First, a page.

by Tom Gordon
Today, the World Justice Project released its annual Rule of Law Index, ranking the commitment of 140 countries to the rule of law. Although the United States ranked 26th overall, it continued to perform among the worst in the world in access to its civil legal system.
In the category, “People Can Access and Afford Civil Justice," the U.S. ranked 115th out of 142 countries. It scored—by far—the worst among high-income countries In fact, its ranking was near the median of countries in the low-income tier, consisting of the 18 poorest countries surveyed. According to the Index, access and affordability of legal help in the U.S. is around the same as it is in Sierra Leone and Afghanistan.
by Tom Gordon
Today, the World Justice Project released its annual Rule of Law Index, ranking the commitment of 140 countries to the rule of law. Although the United States ranked 28th overall, it continued to perform among the worst in the world in access to its civil legal system.
Written by Carolyn Mobley
The World Justice Project is an organization focused on improving worldwide rule of law that publishes a yearly Rule of Law Index ranking legal systems across the globe. In the recently released 2017-2018 report, the United States ranked 94th of 113 countries in “accessibility and affordability” of its civil justice system. Additionally, the U.S. ranked lower than all other high income countries in this category. Furthermore, according to the rankings, the conflict-torn countries of Afghanistan, Colombia, and Sierra Leone have more affordable and accessible civil justice systems than the United States.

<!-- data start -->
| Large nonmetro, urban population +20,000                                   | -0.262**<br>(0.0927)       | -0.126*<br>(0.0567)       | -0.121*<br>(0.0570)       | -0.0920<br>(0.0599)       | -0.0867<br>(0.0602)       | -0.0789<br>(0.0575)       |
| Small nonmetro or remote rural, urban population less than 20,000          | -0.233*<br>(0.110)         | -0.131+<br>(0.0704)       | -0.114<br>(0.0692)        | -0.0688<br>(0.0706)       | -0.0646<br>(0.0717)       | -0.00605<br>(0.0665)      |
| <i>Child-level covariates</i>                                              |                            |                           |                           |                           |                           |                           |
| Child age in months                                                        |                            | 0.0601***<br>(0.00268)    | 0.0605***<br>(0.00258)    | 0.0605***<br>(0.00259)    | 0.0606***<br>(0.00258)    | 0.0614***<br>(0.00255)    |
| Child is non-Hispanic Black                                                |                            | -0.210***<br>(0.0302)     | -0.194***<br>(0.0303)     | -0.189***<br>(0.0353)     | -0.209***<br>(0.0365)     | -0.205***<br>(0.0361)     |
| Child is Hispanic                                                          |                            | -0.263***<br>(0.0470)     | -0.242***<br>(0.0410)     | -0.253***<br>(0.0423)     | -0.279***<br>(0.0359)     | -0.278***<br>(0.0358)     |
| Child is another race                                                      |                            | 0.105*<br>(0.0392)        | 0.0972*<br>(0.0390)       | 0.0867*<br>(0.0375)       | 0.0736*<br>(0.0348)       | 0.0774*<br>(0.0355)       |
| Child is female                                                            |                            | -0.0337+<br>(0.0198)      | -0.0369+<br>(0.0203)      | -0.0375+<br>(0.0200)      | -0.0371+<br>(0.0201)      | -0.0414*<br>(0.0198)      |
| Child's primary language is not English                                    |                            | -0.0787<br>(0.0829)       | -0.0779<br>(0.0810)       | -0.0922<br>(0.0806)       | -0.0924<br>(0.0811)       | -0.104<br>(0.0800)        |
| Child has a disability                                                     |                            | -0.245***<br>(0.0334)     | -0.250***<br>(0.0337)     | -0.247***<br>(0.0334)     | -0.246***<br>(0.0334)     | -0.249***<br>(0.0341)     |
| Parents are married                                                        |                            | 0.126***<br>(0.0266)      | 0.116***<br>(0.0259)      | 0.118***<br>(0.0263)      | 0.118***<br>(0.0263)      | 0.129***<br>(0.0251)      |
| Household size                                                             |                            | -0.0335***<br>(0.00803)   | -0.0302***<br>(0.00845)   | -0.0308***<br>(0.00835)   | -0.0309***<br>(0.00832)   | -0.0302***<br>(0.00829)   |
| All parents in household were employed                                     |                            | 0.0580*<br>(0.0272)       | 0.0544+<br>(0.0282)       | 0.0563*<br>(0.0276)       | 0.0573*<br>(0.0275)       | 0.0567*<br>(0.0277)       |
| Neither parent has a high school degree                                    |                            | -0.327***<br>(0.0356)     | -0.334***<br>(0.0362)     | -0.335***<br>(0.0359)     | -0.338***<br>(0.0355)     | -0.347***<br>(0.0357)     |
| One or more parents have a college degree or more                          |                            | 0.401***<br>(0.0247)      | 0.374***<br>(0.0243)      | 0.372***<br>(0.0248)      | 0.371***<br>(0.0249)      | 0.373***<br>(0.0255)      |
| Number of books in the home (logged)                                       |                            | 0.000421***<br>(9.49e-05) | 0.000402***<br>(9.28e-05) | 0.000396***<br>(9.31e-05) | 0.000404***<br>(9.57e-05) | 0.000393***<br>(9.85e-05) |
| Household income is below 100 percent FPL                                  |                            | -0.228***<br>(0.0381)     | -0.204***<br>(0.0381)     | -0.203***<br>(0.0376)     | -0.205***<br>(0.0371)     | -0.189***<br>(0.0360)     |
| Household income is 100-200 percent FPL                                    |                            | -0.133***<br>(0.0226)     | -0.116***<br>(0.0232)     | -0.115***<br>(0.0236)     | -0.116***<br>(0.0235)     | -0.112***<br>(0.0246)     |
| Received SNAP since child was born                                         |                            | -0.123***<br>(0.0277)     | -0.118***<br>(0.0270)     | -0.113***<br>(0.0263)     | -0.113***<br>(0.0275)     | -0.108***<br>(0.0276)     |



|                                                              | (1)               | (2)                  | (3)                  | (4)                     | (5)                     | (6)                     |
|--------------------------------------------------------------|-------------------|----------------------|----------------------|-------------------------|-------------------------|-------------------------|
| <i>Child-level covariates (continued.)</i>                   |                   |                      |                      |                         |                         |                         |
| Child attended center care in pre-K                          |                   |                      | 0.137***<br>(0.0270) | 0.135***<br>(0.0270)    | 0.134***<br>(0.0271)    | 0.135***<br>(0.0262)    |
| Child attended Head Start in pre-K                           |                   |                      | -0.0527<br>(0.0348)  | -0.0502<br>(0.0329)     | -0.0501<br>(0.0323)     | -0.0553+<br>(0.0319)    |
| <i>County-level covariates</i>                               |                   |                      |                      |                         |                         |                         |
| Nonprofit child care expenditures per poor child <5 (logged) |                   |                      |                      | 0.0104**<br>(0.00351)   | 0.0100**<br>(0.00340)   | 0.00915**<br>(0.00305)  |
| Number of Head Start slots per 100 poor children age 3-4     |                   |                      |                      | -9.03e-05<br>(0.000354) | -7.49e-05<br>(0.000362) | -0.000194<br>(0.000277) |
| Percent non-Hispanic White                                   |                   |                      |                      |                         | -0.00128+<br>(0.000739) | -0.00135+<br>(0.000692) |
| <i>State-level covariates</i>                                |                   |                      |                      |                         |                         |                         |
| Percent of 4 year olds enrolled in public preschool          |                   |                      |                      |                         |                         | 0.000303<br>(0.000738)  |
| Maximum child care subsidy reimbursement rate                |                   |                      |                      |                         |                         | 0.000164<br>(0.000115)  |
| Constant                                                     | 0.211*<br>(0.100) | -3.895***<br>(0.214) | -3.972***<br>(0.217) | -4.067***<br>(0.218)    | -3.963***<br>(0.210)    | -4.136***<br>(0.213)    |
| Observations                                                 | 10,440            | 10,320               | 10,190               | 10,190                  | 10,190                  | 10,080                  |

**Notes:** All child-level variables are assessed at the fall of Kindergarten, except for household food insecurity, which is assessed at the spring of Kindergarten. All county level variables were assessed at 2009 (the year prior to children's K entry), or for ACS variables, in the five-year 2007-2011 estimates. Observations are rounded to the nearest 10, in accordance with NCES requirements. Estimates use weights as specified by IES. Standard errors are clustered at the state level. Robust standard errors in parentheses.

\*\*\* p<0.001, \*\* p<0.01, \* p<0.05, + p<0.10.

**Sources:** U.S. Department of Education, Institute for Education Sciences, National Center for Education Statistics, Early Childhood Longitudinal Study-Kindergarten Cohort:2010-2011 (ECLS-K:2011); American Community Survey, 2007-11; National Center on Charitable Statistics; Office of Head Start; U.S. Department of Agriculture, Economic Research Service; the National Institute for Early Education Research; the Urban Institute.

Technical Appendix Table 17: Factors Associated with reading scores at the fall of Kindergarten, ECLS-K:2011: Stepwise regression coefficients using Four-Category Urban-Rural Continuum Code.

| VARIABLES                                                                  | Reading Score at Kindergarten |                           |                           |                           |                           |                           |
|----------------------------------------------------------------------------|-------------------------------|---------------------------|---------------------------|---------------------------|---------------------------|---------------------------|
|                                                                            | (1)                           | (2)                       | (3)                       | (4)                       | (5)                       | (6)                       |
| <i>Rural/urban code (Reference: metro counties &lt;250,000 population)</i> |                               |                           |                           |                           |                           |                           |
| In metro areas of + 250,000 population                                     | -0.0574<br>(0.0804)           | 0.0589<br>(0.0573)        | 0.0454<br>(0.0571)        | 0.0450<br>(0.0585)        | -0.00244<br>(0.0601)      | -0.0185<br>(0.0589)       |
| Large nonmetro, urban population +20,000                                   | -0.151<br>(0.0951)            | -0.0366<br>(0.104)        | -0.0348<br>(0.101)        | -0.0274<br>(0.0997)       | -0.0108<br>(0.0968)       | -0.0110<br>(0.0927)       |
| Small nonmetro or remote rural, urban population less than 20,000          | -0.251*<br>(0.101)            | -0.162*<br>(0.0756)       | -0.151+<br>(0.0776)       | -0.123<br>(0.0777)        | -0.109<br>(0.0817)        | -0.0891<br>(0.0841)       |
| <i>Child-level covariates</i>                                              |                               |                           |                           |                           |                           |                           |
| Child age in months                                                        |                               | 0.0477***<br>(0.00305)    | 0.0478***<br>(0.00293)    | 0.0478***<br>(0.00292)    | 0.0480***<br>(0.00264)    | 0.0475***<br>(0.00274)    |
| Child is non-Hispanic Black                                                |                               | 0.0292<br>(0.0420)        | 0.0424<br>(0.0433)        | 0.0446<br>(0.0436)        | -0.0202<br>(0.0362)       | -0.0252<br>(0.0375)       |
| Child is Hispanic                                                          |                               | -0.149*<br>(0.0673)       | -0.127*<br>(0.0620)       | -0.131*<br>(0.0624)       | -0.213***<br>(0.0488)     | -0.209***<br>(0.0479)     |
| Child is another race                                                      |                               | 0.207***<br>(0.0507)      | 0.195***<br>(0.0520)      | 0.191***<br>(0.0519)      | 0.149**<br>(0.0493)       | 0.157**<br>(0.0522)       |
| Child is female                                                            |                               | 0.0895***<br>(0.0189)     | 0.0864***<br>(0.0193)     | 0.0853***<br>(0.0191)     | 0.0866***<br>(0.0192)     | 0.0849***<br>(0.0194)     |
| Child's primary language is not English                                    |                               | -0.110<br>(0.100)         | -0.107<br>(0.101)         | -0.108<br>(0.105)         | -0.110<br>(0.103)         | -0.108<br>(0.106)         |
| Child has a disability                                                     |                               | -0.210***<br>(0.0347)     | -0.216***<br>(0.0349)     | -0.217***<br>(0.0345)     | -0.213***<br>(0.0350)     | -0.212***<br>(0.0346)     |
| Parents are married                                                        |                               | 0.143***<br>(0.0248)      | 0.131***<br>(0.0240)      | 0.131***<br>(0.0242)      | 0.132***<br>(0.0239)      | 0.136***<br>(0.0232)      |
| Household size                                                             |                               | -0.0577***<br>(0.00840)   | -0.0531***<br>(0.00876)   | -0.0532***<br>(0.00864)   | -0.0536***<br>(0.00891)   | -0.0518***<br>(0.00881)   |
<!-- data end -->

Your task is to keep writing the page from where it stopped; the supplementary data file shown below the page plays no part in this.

Written by Lynn Bechtol
Laura Snyder's new book, "Democratizing Legal Services: Obstacles and Opportunities," provides a comprehensive analysis of international trends and developments in the regulation of legal service providers.
Written by Morgan Newell
The American Bar Association (ABA) Commission on the Future of Legal Services recently published an issue paper addressing whether alternative business structures (ABS) would benefit consumers in the United States. ABS allows non-lawyers to own and invest in law firms. Currently, practically every U.S. jurisdiction restricts non-lawyers from investing in law firms. The Commission requested responses and data on the benefits and risks of ABS.